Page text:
3 mistakes you can’t afford when prices are rising
Getting your spending right is more important than ever.
- In a high-inflation environment, things cost more and your money is worth less.
- If you keep most of your money in cash, you lose money.
- Pay off variable-rate high-interest debt and cut back on expenses so your money goes further.
The average American is paying nearly $4,100 more for necessities and gas this year. According to the latest data from the Department of Labor, consumer goods prices rose 8.3% yoy in April. From gas prices to the cost of groceries, the dollar isn’t going as far as it used to. Here are three money mistakes to avoid in times of high inflation.
1. Don’t keep your money in cash
The nationwide average savings rate is currently 0.07%. With inflation at 8.3%, the real value of your money actually falls by 8.23% every 12 months. Not only do bank accounts pay very little interest, but keeping most of your money in cash means you are losing money. You should hold your spending in your emergency savings account for three to six months, but anything beyond that could leave you needlessly losing money to inflation.
Investing in stocks is one of the best ways to keep up with inflation. Stocks can be volatile, but over the long term, the S&P 500 has outperformed inflation. The stock market is down almost 15% year-to-date on economic conditions and the Fed raising interest rates. But dollar cost average and consistent investing can help you reach your financial goals.
The 10 best days in the stock market over the past 20 years have come after major declines such as the 2008 financial crisis and the outbreak of Covid. If you had invested $10,000 in the S&P 500 on January 1, 2002, you would have $61,685 by December 31, 2021. If you missed the top 10 days in that period, you would have $28,260, down over 50%. In comparison, $10,000 in a savings account averaging 0.15% per year would be just $10,152. The key is to build your investment portfolio based on your risk profile and investment goals.
2. Not repaying variable debts
To cool inflation, the Fed raises interest rates to curb demand. You should focus on paying off variable debt like credit cards, lines of credit, and other debt that is directly affected by higher interest rates. The average credit card rate is currently 16.59%, up 44 basis points from this time last year. The interest rate for those with subprime credit ranges from 22% and above.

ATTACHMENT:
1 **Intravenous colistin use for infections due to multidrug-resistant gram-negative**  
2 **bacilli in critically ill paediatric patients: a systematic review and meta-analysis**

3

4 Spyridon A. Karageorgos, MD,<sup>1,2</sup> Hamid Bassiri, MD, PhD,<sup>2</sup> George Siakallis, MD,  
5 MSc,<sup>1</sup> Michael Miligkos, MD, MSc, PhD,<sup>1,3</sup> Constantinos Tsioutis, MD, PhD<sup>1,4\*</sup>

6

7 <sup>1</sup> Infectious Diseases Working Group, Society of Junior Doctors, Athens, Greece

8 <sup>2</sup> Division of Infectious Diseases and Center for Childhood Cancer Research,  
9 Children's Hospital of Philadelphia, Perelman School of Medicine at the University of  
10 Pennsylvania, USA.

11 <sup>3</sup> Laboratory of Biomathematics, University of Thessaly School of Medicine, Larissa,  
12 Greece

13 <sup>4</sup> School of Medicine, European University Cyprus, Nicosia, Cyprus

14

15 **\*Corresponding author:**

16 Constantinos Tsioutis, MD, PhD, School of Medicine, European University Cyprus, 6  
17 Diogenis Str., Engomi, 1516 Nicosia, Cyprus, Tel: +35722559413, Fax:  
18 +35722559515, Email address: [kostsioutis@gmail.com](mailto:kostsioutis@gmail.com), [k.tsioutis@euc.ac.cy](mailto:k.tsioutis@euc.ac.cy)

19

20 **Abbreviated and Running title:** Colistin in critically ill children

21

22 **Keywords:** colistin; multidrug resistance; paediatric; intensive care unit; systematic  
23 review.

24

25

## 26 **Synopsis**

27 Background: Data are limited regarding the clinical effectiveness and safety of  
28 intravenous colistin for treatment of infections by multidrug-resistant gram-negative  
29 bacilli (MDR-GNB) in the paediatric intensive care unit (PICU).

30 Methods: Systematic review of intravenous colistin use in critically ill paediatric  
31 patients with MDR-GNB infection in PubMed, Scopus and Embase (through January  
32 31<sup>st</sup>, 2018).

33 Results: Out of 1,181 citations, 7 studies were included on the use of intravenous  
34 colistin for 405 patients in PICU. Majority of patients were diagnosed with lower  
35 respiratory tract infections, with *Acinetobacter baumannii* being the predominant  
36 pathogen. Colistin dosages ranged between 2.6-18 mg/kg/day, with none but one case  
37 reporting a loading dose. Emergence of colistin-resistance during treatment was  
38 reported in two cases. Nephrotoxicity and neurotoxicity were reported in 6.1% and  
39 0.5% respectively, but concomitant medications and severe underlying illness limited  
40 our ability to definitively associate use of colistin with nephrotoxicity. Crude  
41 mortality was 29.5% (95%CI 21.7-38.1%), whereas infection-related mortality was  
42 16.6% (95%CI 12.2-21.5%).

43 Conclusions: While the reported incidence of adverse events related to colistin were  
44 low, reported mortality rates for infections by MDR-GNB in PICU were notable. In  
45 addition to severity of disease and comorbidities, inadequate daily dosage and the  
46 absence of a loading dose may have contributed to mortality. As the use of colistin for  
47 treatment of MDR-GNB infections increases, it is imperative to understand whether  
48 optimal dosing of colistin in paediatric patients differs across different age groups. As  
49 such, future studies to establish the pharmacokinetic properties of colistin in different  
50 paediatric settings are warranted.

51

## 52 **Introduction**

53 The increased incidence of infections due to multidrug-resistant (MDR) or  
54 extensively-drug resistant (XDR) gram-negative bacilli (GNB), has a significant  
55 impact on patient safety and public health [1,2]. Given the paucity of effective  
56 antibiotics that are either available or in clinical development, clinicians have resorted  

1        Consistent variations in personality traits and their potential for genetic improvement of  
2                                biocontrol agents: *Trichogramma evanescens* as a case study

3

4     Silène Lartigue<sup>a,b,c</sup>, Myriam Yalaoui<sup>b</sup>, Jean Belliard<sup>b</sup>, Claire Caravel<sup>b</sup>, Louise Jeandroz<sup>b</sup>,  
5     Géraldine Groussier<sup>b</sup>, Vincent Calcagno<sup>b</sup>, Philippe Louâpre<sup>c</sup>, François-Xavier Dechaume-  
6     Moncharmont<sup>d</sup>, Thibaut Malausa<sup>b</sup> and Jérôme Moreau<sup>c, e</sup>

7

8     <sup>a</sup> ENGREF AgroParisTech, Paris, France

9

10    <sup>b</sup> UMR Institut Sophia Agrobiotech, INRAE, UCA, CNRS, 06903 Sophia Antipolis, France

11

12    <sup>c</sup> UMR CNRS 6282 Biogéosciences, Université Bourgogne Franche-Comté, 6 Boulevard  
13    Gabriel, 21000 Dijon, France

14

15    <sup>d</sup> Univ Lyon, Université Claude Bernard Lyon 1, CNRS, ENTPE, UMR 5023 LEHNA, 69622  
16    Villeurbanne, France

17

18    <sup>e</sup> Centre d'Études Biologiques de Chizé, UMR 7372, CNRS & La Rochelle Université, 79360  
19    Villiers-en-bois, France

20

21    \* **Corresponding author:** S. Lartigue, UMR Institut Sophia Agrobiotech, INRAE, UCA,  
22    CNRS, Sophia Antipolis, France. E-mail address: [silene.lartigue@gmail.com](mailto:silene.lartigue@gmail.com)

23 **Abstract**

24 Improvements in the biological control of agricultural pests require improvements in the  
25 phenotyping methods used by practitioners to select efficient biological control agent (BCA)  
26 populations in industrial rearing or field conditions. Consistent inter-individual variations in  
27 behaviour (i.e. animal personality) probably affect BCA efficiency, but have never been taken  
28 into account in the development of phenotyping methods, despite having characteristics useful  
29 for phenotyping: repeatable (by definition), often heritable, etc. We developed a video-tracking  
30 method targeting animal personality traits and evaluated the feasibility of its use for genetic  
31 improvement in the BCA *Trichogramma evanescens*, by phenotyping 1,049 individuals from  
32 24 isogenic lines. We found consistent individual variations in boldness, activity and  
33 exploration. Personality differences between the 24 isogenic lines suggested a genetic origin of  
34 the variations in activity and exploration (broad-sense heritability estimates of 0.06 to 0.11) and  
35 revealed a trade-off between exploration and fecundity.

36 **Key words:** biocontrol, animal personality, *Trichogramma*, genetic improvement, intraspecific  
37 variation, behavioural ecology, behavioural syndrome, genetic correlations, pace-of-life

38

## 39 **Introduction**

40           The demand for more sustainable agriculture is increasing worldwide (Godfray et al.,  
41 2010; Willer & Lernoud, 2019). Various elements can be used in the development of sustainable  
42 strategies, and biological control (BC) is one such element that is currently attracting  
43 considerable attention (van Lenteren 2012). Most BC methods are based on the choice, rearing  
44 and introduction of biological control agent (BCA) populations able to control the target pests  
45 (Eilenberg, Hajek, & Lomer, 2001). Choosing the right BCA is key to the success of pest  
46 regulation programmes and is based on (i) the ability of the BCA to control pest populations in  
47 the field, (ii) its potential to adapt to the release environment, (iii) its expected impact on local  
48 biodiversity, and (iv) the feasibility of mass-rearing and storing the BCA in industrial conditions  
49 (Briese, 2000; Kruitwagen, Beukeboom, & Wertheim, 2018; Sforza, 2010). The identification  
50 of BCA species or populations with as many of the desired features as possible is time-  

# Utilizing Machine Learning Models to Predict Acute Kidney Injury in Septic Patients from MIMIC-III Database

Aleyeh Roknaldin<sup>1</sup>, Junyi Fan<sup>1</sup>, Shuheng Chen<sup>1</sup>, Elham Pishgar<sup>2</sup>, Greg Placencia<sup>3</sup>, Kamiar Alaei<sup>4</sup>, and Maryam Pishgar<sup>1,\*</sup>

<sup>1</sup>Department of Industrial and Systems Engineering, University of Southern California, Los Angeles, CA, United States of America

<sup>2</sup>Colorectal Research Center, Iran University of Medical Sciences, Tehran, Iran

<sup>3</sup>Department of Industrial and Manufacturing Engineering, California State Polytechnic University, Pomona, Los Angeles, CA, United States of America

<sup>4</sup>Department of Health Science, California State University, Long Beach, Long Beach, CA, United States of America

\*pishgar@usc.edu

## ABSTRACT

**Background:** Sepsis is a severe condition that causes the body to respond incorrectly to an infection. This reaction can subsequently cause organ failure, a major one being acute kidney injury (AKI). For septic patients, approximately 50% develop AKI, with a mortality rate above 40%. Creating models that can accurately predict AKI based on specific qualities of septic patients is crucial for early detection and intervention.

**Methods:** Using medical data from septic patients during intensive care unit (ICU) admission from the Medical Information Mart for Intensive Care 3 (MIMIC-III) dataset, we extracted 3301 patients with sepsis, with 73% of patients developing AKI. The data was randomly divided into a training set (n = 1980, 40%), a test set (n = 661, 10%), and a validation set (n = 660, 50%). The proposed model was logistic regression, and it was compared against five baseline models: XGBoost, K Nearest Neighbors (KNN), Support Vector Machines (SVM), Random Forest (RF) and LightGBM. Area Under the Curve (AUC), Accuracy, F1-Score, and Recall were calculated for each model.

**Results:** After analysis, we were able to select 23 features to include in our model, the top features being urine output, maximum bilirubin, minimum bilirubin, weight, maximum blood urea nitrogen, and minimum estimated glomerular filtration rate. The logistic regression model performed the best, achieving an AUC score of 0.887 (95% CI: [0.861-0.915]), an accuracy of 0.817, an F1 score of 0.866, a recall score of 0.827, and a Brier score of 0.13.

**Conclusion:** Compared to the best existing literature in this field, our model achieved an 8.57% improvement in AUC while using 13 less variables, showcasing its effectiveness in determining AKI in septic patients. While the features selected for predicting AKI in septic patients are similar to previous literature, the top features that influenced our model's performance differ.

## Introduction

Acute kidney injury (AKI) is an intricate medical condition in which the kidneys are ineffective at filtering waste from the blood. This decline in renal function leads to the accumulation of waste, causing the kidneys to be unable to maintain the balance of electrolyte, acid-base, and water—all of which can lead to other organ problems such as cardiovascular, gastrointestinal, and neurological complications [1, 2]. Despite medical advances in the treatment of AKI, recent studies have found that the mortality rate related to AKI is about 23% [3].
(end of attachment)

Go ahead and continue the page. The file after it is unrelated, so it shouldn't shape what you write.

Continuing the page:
The difference between a 15% APR and a 20% APR can be thousands of dollars in interest. Focus on paying off your high-interest debt during periods of high inflation. If you have a lot of debt, you can roll your high-interest debt to a lower APR, get a debt consolidation loan, or ask your credit card issuer to lower your interest rates. Keep checking your variable rates for the latest changes.
When prices go up, your money doesn’t go that far. Keep a budget to reduce your expenses. Certain categories have increased more than others, so you may need to update your budgeting per category. Gasoline prices are over 50% higher than 12 months ago, groceries are up 9.4%, used vehicles are up 22.7% and clothing is up 5.4%.
When necessities start costing more, you should review your spending to keep your costs down. Cancel unwanted subscriptions, eat out less often, and look for ways to save on gas. Cutting back on your expenses can help offset higher costs. Until prices return to normal, your money is worth less. Saving more can help you be better prepared if high inflation continues to be a problem.
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